2022 Subaru BRZ Limited [Sport-tech] Review – TractionLife.com


New-generation sports coupe builds on predecessor’s winning formula.
Editor’s Note: BRZ Limited trim in the US is called BRZ Sport-tech in Canada.
Affordable sports cars are a diminishing niche in today’s car market, with big-selling and big-earning SUVs and trucks dominating the scene. Nevertheless, for 2022 Subaru and its partner Toyota renewed the much-loved twins that first appeared (in Toyota’s case as a Scion) in 2012. The recipe is the same: a front-engine, rear-drive 2+2 coupe that majors on handling and fun rather than straight-line speed.
There are two basic models: the entry-level BRZ (Canada) or Premium (USA); and the better-equipped Sport-tech (Canada) or Limited (USA). Both come as standard with a 6-speed manual transmission but can be specified with a 6-speed auto and EyeSight driver-assistance tech at extra cost. MSRPs as follows:
Every BRZ is powered by the same 2.4-litre, 228-HP flat-four engine. We drove a 2022 Sport-tech but there are no changes to the BRZ for 2023.
Moving from the BRZ/Premium to the Sport-tech/Limited adds leather/Ultrasuede seats, heated side mirrors and steering-responsive headlights. The regular 17in wheels are switched to 18in rims with Michelin Pilot Sport 4 summer tires. Aside from the EyeSight/auto combination, there are no major option packages to speak of.
The latest BRZ is an evolutionary step compared with the first-generation car, which finished with the 2020 model year, but the body is nevertheless all-new. There are subtle aerodynamic details everywhere you look capped off with a neat, duck-tail spoiler at the rear. The roofline’s subtle ‘double-bubble’ is a nod to vintage racing cars. Our test vehicle was finished in traditional Subaru World Rally Blue pearl paint.
We didn’t find it easy for long-legged drivers to climb into the BRZ. The left-hand end of the instrument panel flares out towards the driver’s door, creating a lump best avoided as you swing your knees through a tight gap. You’re soon comfortable once inside, though.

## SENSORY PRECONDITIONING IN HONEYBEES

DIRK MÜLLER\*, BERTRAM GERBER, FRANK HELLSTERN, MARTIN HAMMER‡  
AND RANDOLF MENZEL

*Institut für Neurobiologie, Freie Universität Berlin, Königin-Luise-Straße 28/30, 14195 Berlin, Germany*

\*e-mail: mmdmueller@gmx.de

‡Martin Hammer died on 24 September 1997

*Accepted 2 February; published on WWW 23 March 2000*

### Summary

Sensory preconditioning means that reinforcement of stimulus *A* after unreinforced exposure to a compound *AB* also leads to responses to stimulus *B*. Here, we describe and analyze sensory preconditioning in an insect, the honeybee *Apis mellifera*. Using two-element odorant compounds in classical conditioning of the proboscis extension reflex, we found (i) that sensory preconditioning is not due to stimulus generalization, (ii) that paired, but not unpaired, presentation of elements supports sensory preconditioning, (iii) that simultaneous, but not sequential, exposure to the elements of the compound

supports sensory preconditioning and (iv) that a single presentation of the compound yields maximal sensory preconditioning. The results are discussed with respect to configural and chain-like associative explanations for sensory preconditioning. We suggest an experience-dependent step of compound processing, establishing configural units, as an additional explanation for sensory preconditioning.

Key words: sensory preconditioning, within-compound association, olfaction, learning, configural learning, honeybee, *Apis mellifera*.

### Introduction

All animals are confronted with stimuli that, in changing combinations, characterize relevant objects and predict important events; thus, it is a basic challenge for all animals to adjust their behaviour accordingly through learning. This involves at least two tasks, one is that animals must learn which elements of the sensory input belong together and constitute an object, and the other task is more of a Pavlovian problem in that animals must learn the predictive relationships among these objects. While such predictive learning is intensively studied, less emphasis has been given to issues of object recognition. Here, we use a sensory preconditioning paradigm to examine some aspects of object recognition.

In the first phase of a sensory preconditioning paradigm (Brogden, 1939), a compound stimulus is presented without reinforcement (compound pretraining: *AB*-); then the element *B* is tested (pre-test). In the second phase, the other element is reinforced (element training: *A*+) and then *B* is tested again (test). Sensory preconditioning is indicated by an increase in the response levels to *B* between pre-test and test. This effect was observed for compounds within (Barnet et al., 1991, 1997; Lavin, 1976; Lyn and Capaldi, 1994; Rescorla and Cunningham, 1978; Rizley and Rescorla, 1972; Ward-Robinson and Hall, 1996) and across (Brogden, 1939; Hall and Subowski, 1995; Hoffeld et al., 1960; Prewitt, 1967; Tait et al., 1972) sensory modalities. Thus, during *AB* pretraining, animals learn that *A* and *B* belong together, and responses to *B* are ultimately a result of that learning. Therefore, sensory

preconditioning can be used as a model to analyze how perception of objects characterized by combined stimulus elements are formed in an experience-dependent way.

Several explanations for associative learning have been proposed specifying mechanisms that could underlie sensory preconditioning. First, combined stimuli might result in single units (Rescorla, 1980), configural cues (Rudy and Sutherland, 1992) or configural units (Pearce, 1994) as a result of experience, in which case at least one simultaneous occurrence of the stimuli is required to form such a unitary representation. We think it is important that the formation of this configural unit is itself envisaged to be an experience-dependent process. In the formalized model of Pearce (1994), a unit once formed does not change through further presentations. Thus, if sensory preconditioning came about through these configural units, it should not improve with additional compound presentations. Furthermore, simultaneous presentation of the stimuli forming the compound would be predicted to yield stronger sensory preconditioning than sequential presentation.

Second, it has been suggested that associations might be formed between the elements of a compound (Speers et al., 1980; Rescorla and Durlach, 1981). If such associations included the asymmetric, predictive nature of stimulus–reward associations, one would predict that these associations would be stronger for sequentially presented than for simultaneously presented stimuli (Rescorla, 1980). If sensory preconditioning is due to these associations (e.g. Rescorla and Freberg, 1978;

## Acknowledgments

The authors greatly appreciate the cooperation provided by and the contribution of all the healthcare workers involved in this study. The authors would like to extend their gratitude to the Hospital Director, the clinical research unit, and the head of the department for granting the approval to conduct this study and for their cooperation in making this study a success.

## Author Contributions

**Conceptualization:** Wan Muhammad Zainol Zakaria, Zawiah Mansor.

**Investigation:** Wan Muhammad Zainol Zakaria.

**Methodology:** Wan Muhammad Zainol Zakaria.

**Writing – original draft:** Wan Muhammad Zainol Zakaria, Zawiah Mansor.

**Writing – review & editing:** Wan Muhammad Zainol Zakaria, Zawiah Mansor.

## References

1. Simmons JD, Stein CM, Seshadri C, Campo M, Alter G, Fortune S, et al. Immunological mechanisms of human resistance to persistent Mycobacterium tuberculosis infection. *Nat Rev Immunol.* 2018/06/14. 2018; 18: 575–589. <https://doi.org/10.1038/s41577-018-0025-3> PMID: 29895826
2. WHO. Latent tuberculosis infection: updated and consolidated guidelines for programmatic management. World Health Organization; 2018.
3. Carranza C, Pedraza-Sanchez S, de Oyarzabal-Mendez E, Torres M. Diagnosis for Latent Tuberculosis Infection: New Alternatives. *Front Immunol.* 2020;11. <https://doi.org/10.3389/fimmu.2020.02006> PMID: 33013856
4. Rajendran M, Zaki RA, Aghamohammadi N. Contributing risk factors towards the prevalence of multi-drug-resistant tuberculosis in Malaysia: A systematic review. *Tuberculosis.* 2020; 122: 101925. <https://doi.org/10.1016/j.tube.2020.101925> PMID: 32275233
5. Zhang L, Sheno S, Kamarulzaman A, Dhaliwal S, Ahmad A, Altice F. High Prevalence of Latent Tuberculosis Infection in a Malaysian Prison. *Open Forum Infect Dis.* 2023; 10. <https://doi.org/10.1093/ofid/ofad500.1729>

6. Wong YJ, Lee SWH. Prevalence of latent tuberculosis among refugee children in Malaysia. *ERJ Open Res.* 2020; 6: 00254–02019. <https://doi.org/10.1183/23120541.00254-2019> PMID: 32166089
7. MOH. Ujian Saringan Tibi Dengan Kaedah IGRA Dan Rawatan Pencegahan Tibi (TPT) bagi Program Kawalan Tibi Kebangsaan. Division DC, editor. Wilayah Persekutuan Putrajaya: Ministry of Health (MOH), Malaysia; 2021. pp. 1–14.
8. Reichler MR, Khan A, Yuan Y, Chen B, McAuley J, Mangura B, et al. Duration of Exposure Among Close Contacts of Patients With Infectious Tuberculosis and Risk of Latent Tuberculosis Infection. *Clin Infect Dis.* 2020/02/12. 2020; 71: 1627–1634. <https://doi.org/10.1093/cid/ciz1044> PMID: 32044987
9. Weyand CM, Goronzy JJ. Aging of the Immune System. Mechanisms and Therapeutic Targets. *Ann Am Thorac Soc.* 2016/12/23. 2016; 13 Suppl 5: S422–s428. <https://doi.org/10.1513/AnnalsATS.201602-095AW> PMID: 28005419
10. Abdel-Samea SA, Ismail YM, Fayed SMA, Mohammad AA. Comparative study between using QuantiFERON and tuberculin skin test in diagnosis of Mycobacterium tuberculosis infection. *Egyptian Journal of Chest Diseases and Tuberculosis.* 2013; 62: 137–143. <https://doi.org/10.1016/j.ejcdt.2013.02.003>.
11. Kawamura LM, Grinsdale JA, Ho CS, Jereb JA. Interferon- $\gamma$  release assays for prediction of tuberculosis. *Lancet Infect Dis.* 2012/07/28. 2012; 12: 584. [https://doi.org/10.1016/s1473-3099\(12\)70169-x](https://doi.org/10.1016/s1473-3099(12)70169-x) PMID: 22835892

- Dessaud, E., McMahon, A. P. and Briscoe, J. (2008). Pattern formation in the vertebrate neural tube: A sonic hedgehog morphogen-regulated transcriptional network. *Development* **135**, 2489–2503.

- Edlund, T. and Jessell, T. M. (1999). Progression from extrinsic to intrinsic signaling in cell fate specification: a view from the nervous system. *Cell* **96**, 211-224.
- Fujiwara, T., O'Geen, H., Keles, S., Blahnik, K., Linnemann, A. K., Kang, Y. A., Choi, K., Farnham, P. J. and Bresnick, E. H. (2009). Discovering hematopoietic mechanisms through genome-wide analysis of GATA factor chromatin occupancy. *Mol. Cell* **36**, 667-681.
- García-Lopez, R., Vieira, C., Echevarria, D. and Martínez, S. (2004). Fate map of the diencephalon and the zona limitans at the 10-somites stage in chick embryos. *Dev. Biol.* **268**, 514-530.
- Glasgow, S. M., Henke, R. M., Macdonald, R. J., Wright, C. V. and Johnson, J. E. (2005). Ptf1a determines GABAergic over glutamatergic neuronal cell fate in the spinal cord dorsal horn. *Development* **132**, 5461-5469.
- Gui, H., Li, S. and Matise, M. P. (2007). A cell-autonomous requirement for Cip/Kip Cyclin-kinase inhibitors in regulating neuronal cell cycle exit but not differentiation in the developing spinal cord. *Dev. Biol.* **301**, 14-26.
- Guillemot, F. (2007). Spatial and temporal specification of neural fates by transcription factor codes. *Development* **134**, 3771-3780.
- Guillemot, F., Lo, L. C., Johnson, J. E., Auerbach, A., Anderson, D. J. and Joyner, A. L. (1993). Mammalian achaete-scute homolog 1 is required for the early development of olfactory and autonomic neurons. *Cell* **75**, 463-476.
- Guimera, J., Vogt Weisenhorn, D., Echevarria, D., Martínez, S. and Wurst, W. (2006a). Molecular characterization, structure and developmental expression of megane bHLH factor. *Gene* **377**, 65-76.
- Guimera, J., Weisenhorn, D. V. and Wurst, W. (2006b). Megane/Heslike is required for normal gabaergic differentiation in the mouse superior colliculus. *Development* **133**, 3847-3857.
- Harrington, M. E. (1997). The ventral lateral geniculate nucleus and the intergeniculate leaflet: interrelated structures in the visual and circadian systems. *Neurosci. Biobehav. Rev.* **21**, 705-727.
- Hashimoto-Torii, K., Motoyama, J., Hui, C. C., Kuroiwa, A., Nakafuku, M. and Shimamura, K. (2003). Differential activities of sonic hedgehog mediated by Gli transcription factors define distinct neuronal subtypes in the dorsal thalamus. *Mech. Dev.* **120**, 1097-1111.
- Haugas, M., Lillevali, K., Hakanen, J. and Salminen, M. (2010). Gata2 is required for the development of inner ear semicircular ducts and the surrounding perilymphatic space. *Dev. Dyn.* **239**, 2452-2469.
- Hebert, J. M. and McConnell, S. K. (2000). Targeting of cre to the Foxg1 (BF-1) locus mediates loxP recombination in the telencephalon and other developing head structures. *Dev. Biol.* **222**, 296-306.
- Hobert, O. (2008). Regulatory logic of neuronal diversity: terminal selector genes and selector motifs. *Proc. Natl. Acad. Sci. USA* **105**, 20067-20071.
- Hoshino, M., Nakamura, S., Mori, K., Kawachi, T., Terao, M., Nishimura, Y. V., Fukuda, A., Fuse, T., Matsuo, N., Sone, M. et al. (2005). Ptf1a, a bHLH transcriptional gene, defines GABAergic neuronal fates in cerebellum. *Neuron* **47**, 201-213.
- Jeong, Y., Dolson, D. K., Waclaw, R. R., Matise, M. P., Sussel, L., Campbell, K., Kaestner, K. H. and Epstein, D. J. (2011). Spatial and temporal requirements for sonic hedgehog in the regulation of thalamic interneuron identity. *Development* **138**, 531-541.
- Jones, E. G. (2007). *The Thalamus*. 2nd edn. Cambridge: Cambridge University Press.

Having adjusted the driver’s seat and small steering wheel to suit, the driving position is great and with thin A-pillars, the view forward is excellent, too, with the pointed tops to the fenders helping you to accurately place the car.
Ahead of you, the all-digital instrument cluster focuses on the tachometer with an inset digital speedometer and gauges on each side. The G-meter on the left is better suited to track use than road driving, but a configuration change can replace it with further gauges.
The other screen is an 8in item in the centre. Its graphics and Starlink operating system look a generation behind the best that other auto makers have to offer, and the audio system isn’t great.
You’ll need to put your phone, keys and coffee in a central bin that’s slightly behind you, which isn’t ideal.
There’s further evidence that Subaru has prioritized the driving experience over amenities and ergonomics in the lack of storage up front. You’ll need to put your phone, keys and coffee in a central bin that’s slightly behind you, which isn’t ideal. Further back, only small rear passengers will fit comfortably into this 2+2.
But if you’re traveling two-up, the rear seats helpfully fold to extend a cargo area that’s already generous for this size and type of vehicle. It’ll hold a set of spare tires for a trackday, a mountain bike, golf clubs or, in this test, crates of my kids’ Nerf blasters on their way to a playdate!
As previously stated, this is not necessarily the car to win the traffic-light drag race, but it’s quick all the same, taking around 6 seconds to accelerate from zero to 60mph/100km/h. The new motor is bigger than before, up from 2-litres to 2.4, with 23 more horsepower to take the output to 228 HP.
More importantly, there’s extra torque – up from 156 lb-ft to 184 – and the peak is available sooner, at 3,700 rpm, to improve mid-range drivability. A Torsen limited-slip diff helps put the power to the rear wheels.
We feel that the manual transmission is integral to the performance package but if you opt for the auto, it comes with paddle-shifters, throttle-blipping on the downshift and, surprisingly, 10%-better fuel economy.
Without huge amounts of power or an enormous turbo rush, the BRZ’s performance remains accessible at legal speeds, every day. Its already legendary handling is enhanced by a stiffer structure and a lower centre of gravity than the outgoing model’s, but this doesn’t come at the cost of ride comfort. It’s firm, sure, but there’s a surprising amount of give such that everyday journeys don’t turn into a trial.
Perhaps best of all, the steering is accurate and direct, with no dead spot around the straight-ahead. It’s perfect for carving through corners, but you’ll need to concentrate on the highway to keep things straight and lane-changes smooth.
Leaving aside the GR86, rivals to the BRZ at this price point are few in number but huge in scope, from the Ford Mustang to the Mazda MX-5. As a driver’s car we feel the BRZ is hard to beat at this level; we just wish the interior made it a little easier to live with every day.
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